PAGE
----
Saturday, September 4, 2010

Zingiber mioga along the dry stream in China Valley is flowering now

 You have to get down on hands and knees to see the flowers which emerge sequentially from that curious tulip-shaped inflorescence that lies prostrate on the ground. The shoots and bud are used in Japanese cuisine; they have a spicy cilantroish aroma. Z. mioga  is extremely hardy considering that it's a member of a subtropical genus in a tropical family. It seems to handle zone 6b pretty regularly.

There are a few variegated forms. 'Dancing Crane', the one that I've known longest, is a lovely delicate plant that lacks the vigor of the species requiring excellent soil, regular moisture, and some shade. At least here in zone 7. 'White Feather' seems to be a monster, albeit a beautiful one, We planted a single stem a few months back in not so wonderful soil and it's produced 5 perfect new shoots since then; I expect it to be a valuable source of variegated texture in partial shade. We're already thinking about where to establish colonies.  Plant Delights Nursery lists it.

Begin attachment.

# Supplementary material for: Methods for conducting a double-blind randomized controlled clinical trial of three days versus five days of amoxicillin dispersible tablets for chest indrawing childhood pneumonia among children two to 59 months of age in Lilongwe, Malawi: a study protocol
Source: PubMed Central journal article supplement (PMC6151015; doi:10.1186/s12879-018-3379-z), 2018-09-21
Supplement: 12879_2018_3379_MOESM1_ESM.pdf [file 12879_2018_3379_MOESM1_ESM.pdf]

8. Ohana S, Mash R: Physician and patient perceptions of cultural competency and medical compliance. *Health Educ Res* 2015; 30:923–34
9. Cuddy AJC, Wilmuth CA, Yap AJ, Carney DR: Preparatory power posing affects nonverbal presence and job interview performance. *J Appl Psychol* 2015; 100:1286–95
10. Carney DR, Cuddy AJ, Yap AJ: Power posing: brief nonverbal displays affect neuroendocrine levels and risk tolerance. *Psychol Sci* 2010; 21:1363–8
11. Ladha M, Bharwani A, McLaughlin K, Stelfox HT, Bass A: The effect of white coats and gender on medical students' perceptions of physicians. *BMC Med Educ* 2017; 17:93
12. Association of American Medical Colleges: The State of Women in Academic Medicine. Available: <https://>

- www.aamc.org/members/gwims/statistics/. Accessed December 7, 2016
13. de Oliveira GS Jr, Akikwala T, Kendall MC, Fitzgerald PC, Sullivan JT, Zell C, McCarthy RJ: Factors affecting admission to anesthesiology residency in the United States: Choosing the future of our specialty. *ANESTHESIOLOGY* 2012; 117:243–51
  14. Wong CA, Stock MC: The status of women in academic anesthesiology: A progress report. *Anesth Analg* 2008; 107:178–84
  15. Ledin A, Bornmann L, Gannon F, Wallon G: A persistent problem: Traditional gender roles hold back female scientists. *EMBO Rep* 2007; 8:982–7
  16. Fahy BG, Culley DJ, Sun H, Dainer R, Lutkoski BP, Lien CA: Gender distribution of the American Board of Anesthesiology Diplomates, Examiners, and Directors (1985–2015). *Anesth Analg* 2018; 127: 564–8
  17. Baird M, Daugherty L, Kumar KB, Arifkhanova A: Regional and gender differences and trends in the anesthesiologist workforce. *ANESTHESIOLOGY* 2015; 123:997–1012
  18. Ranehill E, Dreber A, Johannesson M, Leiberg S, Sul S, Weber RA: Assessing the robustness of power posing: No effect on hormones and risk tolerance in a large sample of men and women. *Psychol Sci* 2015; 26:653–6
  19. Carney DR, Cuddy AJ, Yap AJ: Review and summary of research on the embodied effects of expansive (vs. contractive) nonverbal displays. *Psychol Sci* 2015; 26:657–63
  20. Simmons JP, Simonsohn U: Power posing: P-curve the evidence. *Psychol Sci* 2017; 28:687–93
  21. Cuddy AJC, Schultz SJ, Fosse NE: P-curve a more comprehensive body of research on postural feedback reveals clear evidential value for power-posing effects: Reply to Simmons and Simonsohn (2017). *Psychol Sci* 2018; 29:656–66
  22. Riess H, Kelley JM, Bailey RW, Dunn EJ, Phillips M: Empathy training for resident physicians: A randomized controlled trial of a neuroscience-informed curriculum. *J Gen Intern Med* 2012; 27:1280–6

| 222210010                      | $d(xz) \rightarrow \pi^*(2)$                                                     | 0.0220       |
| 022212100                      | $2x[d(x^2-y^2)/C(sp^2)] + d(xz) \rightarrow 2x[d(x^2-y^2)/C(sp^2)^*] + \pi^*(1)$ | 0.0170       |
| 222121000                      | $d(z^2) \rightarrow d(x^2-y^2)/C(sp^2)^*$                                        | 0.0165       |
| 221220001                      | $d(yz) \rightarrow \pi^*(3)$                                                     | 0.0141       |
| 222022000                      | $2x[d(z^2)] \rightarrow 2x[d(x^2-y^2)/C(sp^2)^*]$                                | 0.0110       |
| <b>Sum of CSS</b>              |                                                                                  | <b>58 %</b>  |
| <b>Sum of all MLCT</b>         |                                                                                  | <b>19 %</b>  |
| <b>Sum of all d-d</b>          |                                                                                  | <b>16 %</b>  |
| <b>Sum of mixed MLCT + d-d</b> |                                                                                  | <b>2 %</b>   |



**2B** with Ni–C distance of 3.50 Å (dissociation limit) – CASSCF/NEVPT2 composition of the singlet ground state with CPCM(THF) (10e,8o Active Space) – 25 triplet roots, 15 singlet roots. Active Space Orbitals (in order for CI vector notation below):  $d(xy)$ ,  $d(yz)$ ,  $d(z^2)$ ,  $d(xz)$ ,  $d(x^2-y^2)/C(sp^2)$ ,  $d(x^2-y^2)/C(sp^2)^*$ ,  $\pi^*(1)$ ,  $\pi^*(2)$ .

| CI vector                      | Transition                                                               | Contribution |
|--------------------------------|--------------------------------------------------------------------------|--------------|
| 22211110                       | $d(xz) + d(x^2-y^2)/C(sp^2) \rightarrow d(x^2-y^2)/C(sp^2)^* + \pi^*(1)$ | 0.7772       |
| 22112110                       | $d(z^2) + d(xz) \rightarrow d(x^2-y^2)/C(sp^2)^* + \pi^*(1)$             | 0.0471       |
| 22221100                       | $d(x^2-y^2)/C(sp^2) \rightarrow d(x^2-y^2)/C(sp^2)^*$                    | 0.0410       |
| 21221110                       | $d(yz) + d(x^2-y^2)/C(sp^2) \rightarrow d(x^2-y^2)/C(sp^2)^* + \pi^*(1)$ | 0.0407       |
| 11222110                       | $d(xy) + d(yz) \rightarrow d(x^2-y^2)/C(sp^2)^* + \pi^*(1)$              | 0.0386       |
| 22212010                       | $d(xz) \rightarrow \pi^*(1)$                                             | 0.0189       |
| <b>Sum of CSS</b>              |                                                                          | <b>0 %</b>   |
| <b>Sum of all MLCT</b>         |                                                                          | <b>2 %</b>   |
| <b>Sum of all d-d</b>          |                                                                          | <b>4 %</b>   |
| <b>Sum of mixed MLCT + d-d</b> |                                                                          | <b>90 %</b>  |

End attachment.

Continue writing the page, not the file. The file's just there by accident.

As soon as the adhesive sets the new China Valley sign will be finished

Jeff will take the bungee cords off and Amanda will mulch around itt. Obviously it's already luring visitors into the collection on just its first day.

Okay, I give up. What is it?....Visiting new nurseries and revisiting familiar ones

Sometimes I don't find anything exciting, new, or unique; I usually buy something anyway. It's always possible that any nursery you visit might have the most excitingly beautiful unknown plant you've ever seen. Usually not. Still, once in a while something pop up. From time to time I bring something back to Brad either for his eclectic container plantings at the Arboretum, or for his personal collection. Usually a piece of the latter ends up at the Arboretum. Yes Brad, I did notice that there is a container made up just about entirely of things I've brought back from Florida. Sorry for not mentioning it. Anyway I got this plant in April and can't remember it's name. I didn't keep one so I don't have any records. I remember it had a funny repetitive name but that's not getting me anywhere. It's a large herbaceous tropical that is supposed to flower all summer. I don't monitor the containers as well as I ~2 inches across so it is impressive. I know that name will come back to me!

Thursday, September 2, 2010

Buckeye Junonia coenia, on Elephantopus in my front bed...Butterflies everywhere this year!

Daphniphyllum macropodum..